All He Can Do Is Yell

I’ve never been comfortable with strong expressions of anger. I’m the sort of person that prefers to compromise and resolve things peacefully so one of the more difficult challenges I have faced is how to handle Lynn’s frustrations expressed through anger.

Today as I was working at my desk, I heard over the baby monitor I use to make sure that I hear him if he needs anything, the increasing volume of Lynn’s voice as he was trying to get his voice recognition software to work properly. As I sat there, I could hear him first repeat the same command three times, each time a little differently.  Then he started adding in a few expletives and some not very flattering descriptions of the software program. Finally, the volume and expletives became so intense, I could no longer listen to it for fear that he was about to take his headphones off and through them across the room.

I got up from my desk, went into his room and removed his headphones turning them off and unplugging the software.  “That’s enough for awhile,” I said.  “You don’t need to be working with these when you’re that angry.”

He responded with, “If I DON’T work with them, I’ll be even angrier!  I want to write!”

“Well, the program is obviously not working right now and you’re not dealing with it very well.  Take a break!”

“Yes, Mommy!  I don’t mean that sarcastically but in a mean way in case you’re wondering,” he grumbles as I leave.

“I know,” I respond, and walk away.

As I left and went back to what I was doing, I began to think about how he could deal more effectively with his anger.  I knew what was behind how he was behaving; he physically and emotionally felt bad.  He woke up feeling bad; he’s felt bad for days; heck, he’s felt bad for weeks!  That gets really old pretty quick.  What makes it even worse though is not knowing if it will get better or will it just keep going on and on.

Not only does Lynn have MS but when he started Rebif (his MS drug), he also developed hypothyroidism (low thyroid stimulating hormones) which makes him feel even more exhausted the the MS fatigue does. In addition, he’s somewhat anemic (low hemoglobin).  Therefore, he feels cold half the time, weak most of the time, and extremely tried to the point of having difficulty staying awake, all of the time.  He’s on medication to help his thyroid, iron to help the anemia, but the Rebif…well that’s another story.  After being on it for over a year, he continues to feel like he has the flu every time he takes a shot and that feeling gets progressively worse as the week goes by.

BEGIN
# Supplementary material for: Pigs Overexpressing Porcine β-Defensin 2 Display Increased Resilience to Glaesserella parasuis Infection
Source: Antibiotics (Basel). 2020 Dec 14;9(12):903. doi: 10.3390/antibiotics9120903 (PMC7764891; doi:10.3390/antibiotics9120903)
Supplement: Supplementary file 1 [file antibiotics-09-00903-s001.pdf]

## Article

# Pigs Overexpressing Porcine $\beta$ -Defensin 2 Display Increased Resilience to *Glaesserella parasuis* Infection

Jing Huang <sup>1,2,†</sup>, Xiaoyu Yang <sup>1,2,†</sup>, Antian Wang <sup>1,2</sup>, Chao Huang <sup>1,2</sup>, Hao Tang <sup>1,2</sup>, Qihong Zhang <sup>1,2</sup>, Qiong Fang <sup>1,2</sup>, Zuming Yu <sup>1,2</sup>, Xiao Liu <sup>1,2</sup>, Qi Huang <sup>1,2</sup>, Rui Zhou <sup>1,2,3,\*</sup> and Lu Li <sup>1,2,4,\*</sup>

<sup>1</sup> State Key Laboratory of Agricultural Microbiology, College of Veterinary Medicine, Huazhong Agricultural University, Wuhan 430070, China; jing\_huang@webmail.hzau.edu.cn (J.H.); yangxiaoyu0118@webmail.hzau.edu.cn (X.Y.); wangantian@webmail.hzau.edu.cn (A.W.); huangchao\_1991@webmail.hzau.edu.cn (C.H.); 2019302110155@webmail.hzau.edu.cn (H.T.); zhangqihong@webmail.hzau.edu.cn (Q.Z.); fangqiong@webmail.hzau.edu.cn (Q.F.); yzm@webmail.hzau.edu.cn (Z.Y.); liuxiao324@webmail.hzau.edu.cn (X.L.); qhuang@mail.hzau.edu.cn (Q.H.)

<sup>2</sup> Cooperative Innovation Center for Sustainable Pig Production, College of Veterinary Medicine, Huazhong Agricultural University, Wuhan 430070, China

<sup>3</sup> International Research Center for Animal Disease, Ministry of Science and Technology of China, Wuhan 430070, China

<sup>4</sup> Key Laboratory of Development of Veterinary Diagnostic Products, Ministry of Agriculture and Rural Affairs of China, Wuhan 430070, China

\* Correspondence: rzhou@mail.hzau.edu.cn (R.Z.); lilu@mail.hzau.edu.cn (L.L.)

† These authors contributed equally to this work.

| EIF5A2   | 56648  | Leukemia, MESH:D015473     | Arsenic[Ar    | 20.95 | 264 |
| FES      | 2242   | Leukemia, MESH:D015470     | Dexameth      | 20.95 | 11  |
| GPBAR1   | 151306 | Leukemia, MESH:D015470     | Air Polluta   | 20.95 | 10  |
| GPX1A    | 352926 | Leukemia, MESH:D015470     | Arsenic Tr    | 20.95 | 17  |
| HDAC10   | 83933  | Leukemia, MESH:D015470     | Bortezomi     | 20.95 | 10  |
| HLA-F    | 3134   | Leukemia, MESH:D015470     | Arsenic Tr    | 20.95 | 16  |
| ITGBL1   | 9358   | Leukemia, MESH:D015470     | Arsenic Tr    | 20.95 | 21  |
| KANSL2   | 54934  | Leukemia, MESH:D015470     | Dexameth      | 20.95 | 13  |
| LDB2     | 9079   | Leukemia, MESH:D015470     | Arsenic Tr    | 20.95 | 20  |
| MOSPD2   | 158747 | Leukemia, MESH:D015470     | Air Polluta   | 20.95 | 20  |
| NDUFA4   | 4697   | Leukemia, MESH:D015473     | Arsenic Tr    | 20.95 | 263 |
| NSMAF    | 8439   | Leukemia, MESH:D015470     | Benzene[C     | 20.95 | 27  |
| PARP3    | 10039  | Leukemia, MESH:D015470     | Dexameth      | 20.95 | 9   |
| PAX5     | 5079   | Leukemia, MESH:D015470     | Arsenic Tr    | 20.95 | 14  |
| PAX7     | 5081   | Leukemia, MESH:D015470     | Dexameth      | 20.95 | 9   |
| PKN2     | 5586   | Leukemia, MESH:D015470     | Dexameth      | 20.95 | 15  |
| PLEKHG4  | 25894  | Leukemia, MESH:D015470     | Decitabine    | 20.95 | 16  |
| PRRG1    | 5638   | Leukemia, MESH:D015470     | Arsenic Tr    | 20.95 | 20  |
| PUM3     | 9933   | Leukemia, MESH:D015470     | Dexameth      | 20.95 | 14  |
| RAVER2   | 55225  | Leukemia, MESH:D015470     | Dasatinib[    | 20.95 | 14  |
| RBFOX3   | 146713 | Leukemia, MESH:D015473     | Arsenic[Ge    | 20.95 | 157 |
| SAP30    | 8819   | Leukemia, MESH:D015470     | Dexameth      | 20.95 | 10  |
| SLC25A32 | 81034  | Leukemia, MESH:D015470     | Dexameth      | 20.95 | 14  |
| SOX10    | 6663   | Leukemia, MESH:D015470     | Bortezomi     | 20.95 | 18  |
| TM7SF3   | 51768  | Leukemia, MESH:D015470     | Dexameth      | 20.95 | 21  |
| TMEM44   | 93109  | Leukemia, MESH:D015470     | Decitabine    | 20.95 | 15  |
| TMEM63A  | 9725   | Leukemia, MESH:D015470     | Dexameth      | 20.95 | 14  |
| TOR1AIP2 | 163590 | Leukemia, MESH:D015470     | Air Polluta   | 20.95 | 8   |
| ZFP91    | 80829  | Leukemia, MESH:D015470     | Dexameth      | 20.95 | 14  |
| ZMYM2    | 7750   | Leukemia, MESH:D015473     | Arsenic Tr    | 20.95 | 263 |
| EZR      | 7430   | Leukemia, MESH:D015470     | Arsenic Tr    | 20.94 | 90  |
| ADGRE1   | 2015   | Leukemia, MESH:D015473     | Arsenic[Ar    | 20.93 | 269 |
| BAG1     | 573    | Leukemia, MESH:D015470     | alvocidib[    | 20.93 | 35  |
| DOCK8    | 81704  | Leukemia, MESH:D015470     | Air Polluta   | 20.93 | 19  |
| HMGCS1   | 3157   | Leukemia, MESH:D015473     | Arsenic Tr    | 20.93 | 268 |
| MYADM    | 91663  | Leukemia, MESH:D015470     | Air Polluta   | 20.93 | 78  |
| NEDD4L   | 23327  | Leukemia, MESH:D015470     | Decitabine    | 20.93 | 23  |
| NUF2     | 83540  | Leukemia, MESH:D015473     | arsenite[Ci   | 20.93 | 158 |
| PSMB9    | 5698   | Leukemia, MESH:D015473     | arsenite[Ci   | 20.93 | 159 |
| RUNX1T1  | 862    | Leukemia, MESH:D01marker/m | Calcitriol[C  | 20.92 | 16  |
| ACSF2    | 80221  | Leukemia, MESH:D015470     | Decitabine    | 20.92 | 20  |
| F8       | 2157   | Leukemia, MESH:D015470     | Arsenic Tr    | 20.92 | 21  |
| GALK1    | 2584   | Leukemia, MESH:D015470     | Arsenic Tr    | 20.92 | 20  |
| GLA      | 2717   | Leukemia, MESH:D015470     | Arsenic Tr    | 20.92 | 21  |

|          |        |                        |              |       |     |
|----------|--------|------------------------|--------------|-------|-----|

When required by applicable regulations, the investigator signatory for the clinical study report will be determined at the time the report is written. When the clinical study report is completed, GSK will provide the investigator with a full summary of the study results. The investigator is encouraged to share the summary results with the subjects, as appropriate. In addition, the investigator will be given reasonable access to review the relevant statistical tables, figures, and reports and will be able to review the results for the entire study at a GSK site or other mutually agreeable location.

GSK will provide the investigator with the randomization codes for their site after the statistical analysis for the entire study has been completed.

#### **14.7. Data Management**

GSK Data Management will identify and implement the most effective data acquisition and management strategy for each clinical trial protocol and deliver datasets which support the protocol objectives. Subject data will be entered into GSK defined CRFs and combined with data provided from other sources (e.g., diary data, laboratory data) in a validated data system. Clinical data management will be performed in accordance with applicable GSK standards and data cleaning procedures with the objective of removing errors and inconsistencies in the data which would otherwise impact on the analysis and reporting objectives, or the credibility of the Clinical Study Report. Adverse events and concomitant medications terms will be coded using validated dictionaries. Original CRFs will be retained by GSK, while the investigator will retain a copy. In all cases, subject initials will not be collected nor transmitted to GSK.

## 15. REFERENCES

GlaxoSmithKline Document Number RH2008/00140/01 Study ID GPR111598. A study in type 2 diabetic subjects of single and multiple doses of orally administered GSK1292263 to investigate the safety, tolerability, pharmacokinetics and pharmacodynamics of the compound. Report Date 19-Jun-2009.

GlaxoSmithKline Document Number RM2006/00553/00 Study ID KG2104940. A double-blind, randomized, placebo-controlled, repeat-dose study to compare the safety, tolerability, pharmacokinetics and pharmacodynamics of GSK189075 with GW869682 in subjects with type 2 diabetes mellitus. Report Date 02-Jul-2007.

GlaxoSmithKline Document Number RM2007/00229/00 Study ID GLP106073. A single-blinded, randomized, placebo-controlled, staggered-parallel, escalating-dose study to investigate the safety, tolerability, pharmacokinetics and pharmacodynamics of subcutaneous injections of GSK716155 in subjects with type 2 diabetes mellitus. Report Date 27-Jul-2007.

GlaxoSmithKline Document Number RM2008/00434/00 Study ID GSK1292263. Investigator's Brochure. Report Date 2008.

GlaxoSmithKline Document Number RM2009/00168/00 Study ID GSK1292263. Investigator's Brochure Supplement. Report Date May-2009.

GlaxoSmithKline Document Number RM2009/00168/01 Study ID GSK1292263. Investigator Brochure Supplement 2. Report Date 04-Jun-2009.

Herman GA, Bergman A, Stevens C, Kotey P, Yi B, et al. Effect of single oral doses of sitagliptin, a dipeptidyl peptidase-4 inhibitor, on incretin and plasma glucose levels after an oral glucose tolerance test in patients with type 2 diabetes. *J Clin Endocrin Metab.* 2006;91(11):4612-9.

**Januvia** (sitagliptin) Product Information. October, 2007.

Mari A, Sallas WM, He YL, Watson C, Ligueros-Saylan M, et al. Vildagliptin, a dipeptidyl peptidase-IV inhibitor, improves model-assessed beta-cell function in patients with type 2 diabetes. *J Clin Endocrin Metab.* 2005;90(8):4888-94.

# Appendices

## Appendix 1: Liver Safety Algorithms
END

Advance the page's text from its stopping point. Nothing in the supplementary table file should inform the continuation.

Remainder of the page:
When we last went to his neurologist and talked about the side effects of the Rebif, he suggested that we might want to try a new drug. However, Lynn wants to see if he continues to feel as bad once his thyroid gets straightened out.  He’s hesitant to come off the Rebif because he hasn’t had an exacerbation since he started it and he keeps thinking that he doesn’t want to have wasted his time adapting to it and “be almost there” as far and then quit just short of getting adjusted to it.  Plus, what if the other MS medicine doesn’t work and another exacerbation occurs?  He already has lost all ability to care for his own needs.  What if he were to also lose his sight, or his hearing, or his memory or something else as vital to his having a decent quality of life? It’s very scary to have to make that choice.  Does he give up one thing that he tolerates for something that could be much worse? Sure, it could be much better, too, and if so, then that’s awesome but what if it’s not?

Knowing that he has been angry all day about being tired and feeling bad yet again, I reconsider my decision to take away his software program.  I think about how I deal with anger. When I get angry, I have the ability to do something physical to work away the built up tension.  I have several coping options in my arsenal of tricks; but all he has is his voice.  He does not have the strength to work off the tension.  All he can do is yell obscenities and strike back with the one thing he still can control…for now.

Realizing that, I go back to his room and place the earphones back on his head.  “I’m sorry for acting like I’m your mother.  If you need to yell, go ahead and get it out.”  He humbly responds, “I’m sorry, too. I have no excuse for acting like that.”

But then maybe he does….

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